Everyday Exposure to BPA

Most of us have heard of Bisphenol-A (BPA), an endocrine disrupting chemical in our environment that somehow finds its way into our blood stream. One US study found BPA in 95% of human urine samples. BPA mimics estrogen and, even at low levels, may have a number of harmful effects on the body, including increased risk of heart disease, Type 2 diabetes, breast and prostate cancer, asthma, and fetal brain development. Babies and young children are especially sensitive to its effects. It is also harmful to the environment and animals. Until recently, however, it was unclear how most BPA got into humans. Although a week of drinking water from plastic bottles increased college student’s BPA level by two thirds, BPA levels also increased even when people were fasting. Besides plastic containers, BPA is also used in the lining of food cans. But even if you avoid plastic bottles and canned foods, you very likely still have BPA in your body. BPA was finally banned from use in baby bottles in the US in 2012. Canada and Europe had banned BPA years earlier (2008 and 2011). Now “BPA-free” labels on plastic containers put our mind at ease, but perhaps they shouldn’t. BPA-free plastics may be no safer; a recent study showed that all tested plastics leached chemicals with estrogenic activity, even at cool temperatures. Later, scientists discovered that for many people the greatest source of BPA exposure may be through thermal paper, used ubiquitously for cash register receipts, food package labels, movie & lottery tickets, airline luggage tags, and much more. These items contain high levels of BPA that is readily absorbed through the skin. Even more frightening is that using hand sanitizer or lotion increases the amount absorbed by a hundred-fold. Cleaning our hands with hand sanitizer before or after we enter a grocery store or restaurant is something that many of us do nowadays. We also handle cash register receipts and then eat (fast) food, greatly increasing absorption through the skin and the stomach. After banning BPA from baby bottles in 2011, Europe banned BPA from all food packaging and labels in 2015. The FDA has not followed suit. Despite ample evidence to the contrary, it still insists that BPA is safe. Watch Dr. Michael Greger’s alarming video here. We are all so afraid of germs, when we should probably be more afraid of antibacterial substances. These are turning out to be more dangerous than we once thought and it’s best to avoid them. Another bad actor, the antibacterial Triclosan will soon be banned from use in soaps, although it can still be found in hundreds of other products such as shampoo, athletic gear, and even food storage containers, cutting boards, toothpaste and wound treatments! To check whether food cans contain BPA, the Environmental Working Group offers a free Healthy Living App. It allows you to scan a product’s bar code with your smartphone, which then tells you whether the can liner contains BPA. It gives you lots of additional health info about the product, its packaging, and how it was processed using easy to understand red, yellow, and green colors. What about the best way to clean our hands? A recent study showed that washing hands with cold water and regular soap was just as effective as hot water and antibacterial soap. Unless you are scrubbing in for surgery, that will probably work fine for most of us. Until we have further studies, here are a few prudent measures you can take to avoid your exposure to these chemicals:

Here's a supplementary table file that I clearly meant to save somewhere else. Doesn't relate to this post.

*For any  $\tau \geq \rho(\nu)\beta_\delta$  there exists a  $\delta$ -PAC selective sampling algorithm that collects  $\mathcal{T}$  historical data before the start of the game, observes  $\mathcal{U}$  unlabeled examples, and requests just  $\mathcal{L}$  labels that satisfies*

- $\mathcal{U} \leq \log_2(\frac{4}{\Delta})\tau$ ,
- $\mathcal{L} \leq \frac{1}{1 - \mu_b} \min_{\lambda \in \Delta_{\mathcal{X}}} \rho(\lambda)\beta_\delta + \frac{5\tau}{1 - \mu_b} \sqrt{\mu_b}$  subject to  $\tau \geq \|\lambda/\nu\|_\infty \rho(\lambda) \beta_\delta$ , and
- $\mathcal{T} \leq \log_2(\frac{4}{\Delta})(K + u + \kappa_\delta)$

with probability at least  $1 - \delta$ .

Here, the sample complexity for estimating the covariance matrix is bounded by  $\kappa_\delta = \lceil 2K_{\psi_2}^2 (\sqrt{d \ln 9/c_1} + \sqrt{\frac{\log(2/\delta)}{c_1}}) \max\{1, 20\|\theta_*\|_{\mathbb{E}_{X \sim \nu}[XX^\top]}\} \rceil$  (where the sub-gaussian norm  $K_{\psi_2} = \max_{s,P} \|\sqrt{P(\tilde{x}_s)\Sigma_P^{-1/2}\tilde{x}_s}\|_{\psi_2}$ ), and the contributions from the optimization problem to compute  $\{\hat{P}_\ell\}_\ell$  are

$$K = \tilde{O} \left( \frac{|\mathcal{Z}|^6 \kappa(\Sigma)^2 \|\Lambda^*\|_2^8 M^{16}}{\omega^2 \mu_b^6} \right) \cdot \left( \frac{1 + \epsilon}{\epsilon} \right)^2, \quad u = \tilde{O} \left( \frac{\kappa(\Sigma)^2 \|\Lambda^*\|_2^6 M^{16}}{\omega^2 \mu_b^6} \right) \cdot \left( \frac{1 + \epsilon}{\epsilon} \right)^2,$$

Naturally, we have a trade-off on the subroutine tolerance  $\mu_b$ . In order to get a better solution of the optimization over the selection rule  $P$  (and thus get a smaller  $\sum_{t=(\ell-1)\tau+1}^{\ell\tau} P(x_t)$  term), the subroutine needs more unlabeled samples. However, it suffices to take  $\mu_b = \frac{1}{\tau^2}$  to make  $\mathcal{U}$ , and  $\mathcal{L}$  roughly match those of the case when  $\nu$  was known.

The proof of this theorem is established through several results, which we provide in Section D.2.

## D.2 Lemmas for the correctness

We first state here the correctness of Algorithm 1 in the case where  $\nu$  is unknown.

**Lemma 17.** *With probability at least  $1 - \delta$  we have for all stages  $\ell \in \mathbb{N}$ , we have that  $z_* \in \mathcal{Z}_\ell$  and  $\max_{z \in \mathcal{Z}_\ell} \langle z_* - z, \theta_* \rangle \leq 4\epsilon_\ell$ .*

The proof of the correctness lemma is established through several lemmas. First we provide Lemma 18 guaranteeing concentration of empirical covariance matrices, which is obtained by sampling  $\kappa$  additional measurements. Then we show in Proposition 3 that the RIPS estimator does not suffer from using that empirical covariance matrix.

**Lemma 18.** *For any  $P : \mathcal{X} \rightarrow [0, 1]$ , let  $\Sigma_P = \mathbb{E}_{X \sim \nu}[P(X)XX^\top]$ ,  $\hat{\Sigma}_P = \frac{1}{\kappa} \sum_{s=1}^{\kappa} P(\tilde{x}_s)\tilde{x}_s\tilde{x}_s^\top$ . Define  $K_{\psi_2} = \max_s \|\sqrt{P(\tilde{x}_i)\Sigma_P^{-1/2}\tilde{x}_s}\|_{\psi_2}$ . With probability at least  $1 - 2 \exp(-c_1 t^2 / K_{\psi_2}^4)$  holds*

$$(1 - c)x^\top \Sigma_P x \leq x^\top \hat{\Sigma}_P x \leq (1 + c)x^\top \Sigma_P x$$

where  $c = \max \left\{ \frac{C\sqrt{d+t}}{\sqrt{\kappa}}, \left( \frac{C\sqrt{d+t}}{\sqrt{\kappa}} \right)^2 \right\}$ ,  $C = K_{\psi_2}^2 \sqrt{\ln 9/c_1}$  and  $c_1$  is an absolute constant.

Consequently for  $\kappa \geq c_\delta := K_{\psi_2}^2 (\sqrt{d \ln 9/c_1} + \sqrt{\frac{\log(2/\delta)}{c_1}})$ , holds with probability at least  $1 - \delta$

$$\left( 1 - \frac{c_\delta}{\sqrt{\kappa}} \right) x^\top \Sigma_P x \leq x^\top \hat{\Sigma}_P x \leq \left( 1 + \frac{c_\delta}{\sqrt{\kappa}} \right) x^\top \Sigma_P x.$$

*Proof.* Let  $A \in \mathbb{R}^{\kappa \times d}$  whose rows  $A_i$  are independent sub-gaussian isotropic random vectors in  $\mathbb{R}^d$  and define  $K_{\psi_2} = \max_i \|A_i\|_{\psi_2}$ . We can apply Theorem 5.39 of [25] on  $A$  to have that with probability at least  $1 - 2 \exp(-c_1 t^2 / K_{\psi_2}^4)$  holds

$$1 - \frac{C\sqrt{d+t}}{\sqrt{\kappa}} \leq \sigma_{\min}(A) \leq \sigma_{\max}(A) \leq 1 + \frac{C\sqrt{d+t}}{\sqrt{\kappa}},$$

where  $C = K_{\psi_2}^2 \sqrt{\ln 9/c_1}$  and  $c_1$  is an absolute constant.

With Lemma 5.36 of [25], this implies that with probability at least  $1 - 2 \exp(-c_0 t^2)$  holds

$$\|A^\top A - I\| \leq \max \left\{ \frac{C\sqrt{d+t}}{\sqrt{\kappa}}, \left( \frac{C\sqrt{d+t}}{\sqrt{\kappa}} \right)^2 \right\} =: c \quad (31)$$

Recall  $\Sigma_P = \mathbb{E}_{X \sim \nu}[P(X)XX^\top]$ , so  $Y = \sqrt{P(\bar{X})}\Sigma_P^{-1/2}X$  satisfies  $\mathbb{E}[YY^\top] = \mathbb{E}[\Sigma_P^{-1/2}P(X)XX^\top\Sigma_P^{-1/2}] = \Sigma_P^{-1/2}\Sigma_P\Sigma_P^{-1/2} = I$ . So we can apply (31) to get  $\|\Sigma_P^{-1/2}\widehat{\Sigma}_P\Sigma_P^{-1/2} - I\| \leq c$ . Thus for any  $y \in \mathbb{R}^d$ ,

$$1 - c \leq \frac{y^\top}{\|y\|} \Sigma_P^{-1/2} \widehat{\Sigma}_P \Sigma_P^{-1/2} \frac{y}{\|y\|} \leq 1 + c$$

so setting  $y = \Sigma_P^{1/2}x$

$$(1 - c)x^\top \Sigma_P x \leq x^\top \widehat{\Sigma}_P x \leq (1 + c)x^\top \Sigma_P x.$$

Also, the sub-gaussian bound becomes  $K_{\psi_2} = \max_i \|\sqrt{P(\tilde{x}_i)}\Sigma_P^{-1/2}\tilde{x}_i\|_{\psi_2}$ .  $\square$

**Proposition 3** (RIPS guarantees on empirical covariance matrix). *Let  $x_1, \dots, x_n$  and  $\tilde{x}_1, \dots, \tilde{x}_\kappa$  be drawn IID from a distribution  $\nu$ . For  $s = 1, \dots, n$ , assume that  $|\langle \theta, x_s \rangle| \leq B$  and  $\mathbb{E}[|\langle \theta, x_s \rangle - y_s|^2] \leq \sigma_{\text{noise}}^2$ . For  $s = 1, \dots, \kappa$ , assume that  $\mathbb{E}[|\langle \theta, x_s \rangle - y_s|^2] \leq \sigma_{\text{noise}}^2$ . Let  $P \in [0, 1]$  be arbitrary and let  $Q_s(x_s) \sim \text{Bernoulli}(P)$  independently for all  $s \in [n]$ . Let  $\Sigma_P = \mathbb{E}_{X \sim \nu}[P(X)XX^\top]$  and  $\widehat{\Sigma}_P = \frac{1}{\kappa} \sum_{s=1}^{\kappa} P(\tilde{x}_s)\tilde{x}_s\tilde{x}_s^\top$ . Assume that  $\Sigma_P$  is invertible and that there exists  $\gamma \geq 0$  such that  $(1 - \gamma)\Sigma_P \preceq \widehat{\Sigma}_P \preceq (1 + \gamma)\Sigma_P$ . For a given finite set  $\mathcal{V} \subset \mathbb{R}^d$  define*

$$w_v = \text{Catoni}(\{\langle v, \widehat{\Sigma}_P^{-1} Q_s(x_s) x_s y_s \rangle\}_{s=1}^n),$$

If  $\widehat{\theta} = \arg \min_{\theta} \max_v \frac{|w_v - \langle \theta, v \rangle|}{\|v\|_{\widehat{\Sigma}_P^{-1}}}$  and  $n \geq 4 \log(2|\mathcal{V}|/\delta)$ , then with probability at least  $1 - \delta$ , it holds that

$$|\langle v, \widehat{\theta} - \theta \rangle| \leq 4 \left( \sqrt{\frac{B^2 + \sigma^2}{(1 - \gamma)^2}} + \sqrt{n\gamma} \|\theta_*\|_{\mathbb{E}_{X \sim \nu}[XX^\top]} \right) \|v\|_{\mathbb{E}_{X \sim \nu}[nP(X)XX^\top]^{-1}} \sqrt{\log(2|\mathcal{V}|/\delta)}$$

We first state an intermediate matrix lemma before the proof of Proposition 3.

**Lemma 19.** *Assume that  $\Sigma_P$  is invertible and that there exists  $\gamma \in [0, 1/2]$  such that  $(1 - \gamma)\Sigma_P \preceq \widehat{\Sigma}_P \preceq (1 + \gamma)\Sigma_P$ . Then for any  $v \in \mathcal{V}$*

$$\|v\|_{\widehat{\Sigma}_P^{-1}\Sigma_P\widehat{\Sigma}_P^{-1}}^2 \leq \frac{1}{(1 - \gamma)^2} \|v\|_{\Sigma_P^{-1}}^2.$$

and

• Store foods in glass or stainless steel containers.

  • Avoid microwaving food in plastic

  • Avoid washing plastic in the dishwasher or with harsh detergents.

  • Drink filtered water and skip the plastic bottles.

  • Avoid thermal paper and wash your hands after handling it. Examples of thermal-printed paper are: cash register receipts, ATM receipts, airport/airline-printed boarding passes and luggage tags, supermarket-printed food labels, movie and lottery tickets, etc.

  • Make it a habit to wash your hands as soon as you enter your home after a shopping or other trip.

BPA will likely be in our environment for years to come, but with this knowledge, you can drastically decrease your exposure.

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